Drive down McKinley Avenue today from Yosemite Avenue to Woodward Avenue and you’ll be on a narrow country road with aging homes and vacant fields.
There are no clues that the land that borders McKinley Avenue could — in less than two years — spur the start of more than $2.5 billion in construction between 3,916 proposed homes; a massive 65-acre indoor waterpark resort and hotel; and 5 million square feet of business park buildings.
But the groundwork is already being laid to allow the building of enough homes to house fourth-fifths of the City of Ripon’s current 15,700 residents, the securing of a 750-room destination hotel that would be the largest hotel ever built in the Central Valley, and enough business park spec base to accommodate five Tracy-sized Amazon distribution centers.
Key to the effort is building the McKinley Avenue/120 Bypass interchange.
Manteca in the past few months has been buying up property needed to make the interchange happen. An agreement to purchase another parcel along McKinley is before the City Council during their 4 p.m. meeting Tuesday that is taking place three hours earlier due to national Night Out activities.
The meeting also includes spending another $7,500 on financial and legal experts for the negotiations involved with trying to finalize a deal for an indoor waterpark, hotel, conference center, outdoor waterpark, and other amusements on 65 city-owned acres west of Costco. The resort — along with the city’s envisioned family entertainment zone — borders Daniels Street that will be extended to connect with McKinley.
The city has invested $133,000 so far in negotiations and analyzing the potential resort deal. That is in addition to $8 million to put in place infrastructure needed to develop the family entertainment zone and resort.
The $8 million was spent from leftover redevelopment bond funds. Part of the $12 million already set aside for the McKinley interchange is also from the bond proceeds. The rest so far are from a San Joaquin County regional transportation fee and a federal grant. The city has yet to identify where exactly the remaining $18 million will be secured to build the city’s first partial cloverleaf interchange. One source, when it is adopted, is the updated Public Facilities Implementation Fee for major roads that will include funding for some of the work.
McKinley interchange has
2020 completion timetable
The council’s target is to break ground in 2018 and have the interchange completed by 2020.
The project will be built in phases. The initial construction would have all left turns from McKinley Avenue to 120 Bypass onramps go through signalized intersections just as they currently do at the Airport, Union, and Main interchanges. When the loops are completed northbound McKinley Avenue traffic will be able to get onto westbound 120 without going through a traffic signal as would southbound McKinley to eastbound 120.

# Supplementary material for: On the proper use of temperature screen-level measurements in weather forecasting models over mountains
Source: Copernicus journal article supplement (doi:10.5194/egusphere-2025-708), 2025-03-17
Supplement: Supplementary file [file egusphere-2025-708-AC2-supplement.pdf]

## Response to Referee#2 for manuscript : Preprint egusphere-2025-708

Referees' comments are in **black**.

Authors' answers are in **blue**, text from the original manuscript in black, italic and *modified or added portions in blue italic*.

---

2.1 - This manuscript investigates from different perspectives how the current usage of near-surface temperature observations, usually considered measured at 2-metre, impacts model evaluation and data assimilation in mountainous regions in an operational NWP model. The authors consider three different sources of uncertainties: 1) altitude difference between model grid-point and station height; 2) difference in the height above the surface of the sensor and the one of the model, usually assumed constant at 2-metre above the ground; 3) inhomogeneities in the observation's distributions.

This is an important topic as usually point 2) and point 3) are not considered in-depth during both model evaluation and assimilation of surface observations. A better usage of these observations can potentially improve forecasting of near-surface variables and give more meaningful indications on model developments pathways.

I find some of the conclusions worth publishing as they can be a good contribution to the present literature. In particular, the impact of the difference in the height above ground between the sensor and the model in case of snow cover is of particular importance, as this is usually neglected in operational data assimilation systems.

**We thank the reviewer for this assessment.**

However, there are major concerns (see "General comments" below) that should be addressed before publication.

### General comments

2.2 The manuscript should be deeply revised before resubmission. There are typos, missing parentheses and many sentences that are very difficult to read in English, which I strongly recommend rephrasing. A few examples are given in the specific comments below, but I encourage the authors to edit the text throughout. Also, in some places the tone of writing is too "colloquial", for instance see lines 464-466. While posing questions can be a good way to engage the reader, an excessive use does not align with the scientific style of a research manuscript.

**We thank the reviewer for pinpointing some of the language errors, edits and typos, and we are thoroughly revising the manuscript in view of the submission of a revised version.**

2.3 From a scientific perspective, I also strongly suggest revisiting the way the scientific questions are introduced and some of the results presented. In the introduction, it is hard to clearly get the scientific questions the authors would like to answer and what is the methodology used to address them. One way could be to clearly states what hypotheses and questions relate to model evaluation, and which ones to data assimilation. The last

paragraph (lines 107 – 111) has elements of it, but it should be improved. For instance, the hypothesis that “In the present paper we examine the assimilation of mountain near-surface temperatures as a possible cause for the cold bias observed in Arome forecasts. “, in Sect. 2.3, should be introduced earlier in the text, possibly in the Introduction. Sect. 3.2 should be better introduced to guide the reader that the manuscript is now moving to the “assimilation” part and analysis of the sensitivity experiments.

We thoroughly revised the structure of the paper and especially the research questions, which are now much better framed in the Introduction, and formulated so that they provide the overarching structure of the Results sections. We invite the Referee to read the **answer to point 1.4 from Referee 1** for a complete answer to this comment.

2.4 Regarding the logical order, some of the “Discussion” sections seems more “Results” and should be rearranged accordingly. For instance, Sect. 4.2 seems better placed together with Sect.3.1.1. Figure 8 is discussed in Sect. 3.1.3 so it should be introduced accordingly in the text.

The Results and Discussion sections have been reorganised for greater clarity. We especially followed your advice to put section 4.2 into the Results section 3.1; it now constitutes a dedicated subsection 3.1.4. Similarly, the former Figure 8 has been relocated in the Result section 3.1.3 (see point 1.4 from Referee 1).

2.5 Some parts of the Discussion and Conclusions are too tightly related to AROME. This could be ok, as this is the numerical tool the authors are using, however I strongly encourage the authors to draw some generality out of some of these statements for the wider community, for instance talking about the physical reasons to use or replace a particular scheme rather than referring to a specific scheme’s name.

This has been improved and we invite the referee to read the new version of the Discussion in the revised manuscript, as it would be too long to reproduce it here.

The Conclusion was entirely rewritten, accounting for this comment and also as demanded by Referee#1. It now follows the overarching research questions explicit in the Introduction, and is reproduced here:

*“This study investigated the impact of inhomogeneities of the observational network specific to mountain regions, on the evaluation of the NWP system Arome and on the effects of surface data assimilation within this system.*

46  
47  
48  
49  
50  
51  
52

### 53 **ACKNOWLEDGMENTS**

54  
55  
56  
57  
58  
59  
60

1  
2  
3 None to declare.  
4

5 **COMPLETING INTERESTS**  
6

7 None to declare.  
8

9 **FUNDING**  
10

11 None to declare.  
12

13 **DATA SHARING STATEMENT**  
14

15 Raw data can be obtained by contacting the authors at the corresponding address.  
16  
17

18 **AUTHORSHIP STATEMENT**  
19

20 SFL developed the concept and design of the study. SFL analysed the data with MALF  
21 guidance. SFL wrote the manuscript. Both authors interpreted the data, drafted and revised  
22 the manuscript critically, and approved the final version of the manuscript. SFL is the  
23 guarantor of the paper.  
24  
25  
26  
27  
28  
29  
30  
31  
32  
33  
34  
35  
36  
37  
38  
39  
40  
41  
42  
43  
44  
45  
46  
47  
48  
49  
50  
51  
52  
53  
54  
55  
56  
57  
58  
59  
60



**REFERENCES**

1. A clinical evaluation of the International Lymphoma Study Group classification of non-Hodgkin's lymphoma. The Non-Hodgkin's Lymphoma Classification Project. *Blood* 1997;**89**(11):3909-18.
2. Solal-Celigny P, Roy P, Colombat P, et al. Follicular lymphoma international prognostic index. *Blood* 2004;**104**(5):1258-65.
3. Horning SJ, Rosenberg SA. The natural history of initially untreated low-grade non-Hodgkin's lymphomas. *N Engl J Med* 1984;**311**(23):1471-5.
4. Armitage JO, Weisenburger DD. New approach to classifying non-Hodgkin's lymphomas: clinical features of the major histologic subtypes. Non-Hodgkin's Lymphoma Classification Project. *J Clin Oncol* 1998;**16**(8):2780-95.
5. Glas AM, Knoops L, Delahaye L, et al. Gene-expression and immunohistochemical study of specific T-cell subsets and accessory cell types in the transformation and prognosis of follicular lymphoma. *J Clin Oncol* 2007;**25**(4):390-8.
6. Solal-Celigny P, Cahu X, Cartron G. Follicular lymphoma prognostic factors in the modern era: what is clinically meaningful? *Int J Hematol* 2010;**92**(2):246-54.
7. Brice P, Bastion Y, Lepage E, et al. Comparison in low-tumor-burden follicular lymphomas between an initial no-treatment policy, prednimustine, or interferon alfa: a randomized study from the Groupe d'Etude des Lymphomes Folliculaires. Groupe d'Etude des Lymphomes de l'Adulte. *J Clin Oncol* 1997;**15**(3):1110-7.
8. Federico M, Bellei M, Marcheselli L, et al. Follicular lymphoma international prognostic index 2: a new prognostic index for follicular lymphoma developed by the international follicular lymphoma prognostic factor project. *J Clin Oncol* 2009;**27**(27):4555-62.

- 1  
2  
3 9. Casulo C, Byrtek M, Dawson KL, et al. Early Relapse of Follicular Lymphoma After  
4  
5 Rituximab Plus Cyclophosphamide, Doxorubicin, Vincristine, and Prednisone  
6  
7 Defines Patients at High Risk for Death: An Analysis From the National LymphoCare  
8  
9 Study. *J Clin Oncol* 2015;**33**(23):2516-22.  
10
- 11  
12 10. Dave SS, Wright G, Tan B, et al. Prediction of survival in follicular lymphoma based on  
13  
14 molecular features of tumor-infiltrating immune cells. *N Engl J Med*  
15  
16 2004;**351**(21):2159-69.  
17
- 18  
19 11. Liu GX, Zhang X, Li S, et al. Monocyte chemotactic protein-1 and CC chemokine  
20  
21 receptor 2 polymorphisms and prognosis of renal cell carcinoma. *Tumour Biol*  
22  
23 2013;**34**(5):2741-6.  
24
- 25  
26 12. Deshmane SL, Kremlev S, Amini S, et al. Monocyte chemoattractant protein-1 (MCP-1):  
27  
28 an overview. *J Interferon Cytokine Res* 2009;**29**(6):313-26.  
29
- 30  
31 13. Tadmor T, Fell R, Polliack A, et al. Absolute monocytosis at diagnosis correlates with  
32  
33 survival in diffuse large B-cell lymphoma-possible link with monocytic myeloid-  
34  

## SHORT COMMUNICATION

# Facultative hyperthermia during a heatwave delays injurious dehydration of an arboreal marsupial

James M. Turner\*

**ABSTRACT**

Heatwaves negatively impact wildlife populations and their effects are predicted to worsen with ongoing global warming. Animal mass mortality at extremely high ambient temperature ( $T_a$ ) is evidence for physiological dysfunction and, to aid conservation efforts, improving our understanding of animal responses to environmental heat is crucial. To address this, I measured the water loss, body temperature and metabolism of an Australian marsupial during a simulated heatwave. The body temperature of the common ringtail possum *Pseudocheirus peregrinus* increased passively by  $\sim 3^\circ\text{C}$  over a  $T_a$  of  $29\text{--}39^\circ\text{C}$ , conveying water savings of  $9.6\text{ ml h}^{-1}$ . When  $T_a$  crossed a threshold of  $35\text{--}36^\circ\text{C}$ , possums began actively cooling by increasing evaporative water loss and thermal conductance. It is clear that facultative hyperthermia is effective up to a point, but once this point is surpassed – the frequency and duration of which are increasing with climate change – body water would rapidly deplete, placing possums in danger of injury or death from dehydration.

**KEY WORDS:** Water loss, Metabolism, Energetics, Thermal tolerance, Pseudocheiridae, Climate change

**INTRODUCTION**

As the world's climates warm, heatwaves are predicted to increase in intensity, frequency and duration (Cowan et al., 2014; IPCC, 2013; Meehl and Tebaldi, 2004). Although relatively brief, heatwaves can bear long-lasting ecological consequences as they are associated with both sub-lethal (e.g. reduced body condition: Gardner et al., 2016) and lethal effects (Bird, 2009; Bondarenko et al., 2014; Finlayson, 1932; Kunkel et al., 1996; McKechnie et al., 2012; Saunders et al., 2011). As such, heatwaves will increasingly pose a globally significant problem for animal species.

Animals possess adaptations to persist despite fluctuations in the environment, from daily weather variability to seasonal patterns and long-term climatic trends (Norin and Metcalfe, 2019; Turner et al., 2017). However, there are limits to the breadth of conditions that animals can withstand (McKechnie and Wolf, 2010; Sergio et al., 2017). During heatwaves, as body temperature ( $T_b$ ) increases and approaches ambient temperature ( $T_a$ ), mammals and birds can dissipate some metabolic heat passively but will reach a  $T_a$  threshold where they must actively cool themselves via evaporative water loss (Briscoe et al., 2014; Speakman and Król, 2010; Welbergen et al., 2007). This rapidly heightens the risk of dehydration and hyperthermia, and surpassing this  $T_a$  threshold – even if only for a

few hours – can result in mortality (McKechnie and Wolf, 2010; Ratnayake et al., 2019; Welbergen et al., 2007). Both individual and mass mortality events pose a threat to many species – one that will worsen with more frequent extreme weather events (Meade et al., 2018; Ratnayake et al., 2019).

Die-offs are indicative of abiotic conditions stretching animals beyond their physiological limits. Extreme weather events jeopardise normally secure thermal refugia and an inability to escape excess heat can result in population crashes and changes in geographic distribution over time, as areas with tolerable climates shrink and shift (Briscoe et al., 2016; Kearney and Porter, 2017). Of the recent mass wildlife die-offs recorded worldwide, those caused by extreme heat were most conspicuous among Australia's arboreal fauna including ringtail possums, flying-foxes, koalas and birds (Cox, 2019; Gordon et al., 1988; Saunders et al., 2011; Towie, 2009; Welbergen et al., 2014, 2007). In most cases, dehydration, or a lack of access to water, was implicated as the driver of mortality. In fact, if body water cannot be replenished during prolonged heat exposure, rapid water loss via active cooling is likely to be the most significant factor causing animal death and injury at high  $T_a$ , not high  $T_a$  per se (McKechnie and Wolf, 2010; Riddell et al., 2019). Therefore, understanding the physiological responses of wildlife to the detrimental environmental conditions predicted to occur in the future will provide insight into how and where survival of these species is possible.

A full cloverleaf interchange — which is not being proposed — eliminates the need for any traffic signals
McKinley Avenue would also be widened to four lanes.
The interchange has the potential to create development that is the closet to a housing-jobs balance yet in Manteca. That’s because abutting the west side of McKinley Avenue north of the 120 Bypass is the Lathrop city limits and the 384-acre Lathrop Gateway Business Park.
It includes over 5 million square feet of building space. The majority of the 165 acres of limited industrial uses and most of the 83 acres of service commercial space will depend on the creation of an interchange at McKinley Avenue. The project’s 57 acres of commercial office and accompanying freeway commercial is clustered around the Yosemite Avenue interchange north of the 120 Bypass.
The McKinley interchange is critical for the Lathrop Gateway Business Park.
It is bordered on the south by the Union Pacific tracks that carries Altamont Corridor Express trains and serves as the city limit line between Lathrop and Manteca. The northern border is Yosemite Avenue/Vierra Road with the Union Pacific tracks that swing by Simplot serving as the western boundary.
McKinley interchange is
also part of current south
Manteca traffic plan
The McKinley Avenue interchange is also part of the long-range circulation plan for Manteca south of the 120 Bypass where more than 60 percent of the city’s population is expected to be by 2040.
McKinley Avenue is envisioned to head further south and then swing to the west to connect with a proposed interchange on Highway 99 midway between Austin and Jack Tone roads as part of the Raymus Expressway corridor.
The economic impact is staggering. If the 3,908 homes are built and sold for at least $400,000 each it will represent $1.6 billion in new housing. The original resort the city was negotiating for with Great Wolf had only 500 hotel rooms on half the acreage and carried a construction price tag in excess of $200 million. Based on what developers are now spending to build spec buildings alone that have unfinished interiors, Lathrop Gateway Business Park has the potential to exceed $200 million in construction investment alone.
None of that includes general commercial zoning the city has put in place immediately south of the interchange that would accommodate 750,000 square feet of retail or roughly the same space as The Promenade Shops at Orchard Valley anchored by Bass pro Shops at Union Road and the 120 Bypass will have at buildout.
To contact Dennis Wyatt, email email@example.com